Following the bombardment, Captain Buford's company rejoined the battalion at Williamsburg.

The incident at Hampton would not prevent Capt. Squires from trying again to land troops along the river. In a letter from Edmund Pendleton to Thomas Jefferson, Pendleton writes "The life and Soul of this Corps is Capt, Green's Company of Riflemen from Culpeper, who in three Reliefs of about 22 at a time, scour the Rivers, and have in various Attempts, prevented a landing of the enemy." (Papers of Thomas Jefferson, Vol.1, p260)

A few days later on the 10th of November, the same squadron that attacked Hampton tried to prevent the 2nd Virginia Regiment and Culpeper Battalion from crossing the river at Burwell's Ferry. Pendleton wrote, "the King Fisher and four tenders full of men came up to Burwells Ferry and made several attempts to land during three days stay, but never came nearer than to receive a discharge of the Rifles, when they retired with great pricipitation, and 'tis Supposed the loss of some men." The squadron fired on a vessel at the ferry landing and ordered her to come along side. Riflemen stationed there ordered the captain to stay where he was. Page states, "The Vessel lay about 3 Hundred Yds. from our Men and about 3/4 Mile from the Man of War, which began to fire on her, and finding that her Shot had no Effect sent off a Barge full of Men to take her, but as soon as the Barge had got within a small Distance of the Vessel the Riflemen fired and say they killed three Men." The barge tried one more time, meeting the same fate, except that this time they lost only one man. Page continues, "I can assure you that about 20 Rifle Men have disputed with the Man of War and her Tenders for this Vessel 2 Days and they have hitherto kept her and the Ferry Boats safe, which it is supposed they wish to burn. It is incredible how much they dread a Rifle." Papers of Thomas Jefferson, Vol.1, p.258)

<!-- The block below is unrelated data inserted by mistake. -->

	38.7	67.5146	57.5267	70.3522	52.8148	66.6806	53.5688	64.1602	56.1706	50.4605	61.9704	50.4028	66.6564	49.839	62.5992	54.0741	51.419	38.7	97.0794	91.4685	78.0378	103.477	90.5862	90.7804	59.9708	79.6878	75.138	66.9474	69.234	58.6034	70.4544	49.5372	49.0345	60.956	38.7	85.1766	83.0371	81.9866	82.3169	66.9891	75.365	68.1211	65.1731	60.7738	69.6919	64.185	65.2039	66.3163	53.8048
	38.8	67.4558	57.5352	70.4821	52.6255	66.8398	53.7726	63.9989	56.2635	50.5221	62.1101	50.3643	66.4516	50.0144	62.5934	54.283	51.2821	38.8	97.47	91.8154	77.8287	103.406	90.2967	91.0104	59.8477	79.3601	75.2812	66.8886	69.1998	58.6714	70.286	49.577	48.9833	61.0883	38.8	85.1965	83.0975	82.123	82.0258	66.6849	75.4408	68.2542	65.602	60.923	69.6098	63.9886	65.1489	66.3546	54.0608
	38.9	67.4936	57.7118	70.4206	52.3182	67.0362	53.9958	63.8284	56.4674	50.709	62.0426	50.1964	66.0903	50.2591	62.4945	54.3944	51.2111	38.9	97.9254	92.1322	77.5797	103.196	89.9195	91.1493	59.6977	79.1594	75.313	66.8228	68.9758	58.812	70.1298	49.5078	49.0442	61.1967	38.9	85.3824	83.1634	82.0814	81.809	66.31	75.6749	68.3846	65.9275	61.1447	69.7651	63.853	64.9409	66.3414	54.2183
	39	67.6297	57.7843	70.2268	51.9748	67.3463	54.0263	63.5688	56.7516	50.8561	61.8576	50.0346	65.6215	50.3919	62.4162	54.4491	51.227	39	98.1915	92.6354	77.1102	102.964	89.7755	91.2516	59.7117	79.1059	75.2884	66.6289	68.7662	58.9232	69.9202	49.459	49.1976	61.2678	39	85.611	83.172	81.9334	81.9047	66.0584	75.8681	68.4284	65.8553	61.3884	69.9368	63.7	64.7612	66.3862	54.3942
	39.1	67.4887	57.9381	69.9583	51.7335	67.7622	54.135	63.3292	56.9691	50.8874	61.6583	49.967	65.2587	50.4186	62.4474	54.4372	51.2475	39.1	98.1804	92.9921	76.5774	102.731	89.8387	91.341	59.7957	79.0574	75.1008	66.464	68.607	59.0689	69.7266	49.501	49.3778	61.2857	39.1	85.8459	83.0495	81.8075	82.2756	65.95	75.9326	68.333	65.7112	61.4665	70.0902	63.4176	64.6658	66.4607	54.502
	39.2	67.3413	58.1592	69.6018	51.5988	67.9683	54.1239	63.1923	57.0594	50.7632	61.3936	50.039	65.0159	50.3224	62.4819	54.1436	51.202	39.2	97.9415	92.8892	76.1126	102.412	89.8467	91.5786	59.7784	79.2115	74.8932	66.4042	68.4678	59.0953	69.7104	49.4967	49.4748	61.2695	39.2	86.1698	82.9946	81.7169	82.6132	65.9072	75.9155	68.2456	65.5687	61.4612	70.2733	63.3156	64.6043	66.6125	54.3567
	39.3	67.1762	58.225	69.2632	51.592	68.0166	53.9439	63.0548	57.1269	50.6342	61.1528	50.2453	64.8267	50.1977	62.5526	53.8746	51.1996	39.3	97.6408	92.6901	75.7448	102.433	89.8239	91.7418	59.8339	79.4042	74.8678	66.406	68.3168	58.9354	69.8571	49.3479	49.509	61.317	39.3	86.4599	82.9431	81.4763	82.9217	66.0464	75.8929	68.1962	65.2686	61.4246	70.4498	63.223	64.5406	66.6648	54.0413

At this time, half of the Minute Battalion were discharged from active duty due to an overabundance of volunteers. Colonel Taliaferro led them home, while the rest remained with Woodford and formed a separate detachment of his troops. This detachment under the command of Edward Stevens and Thomas Marshall was soon ordered back to Hampton to defend the port against another attack. Governor Dunmore had already retired to the vicinity of Norfolk and began a massive fortification project.

Copyright 1995 by Kyle Willyard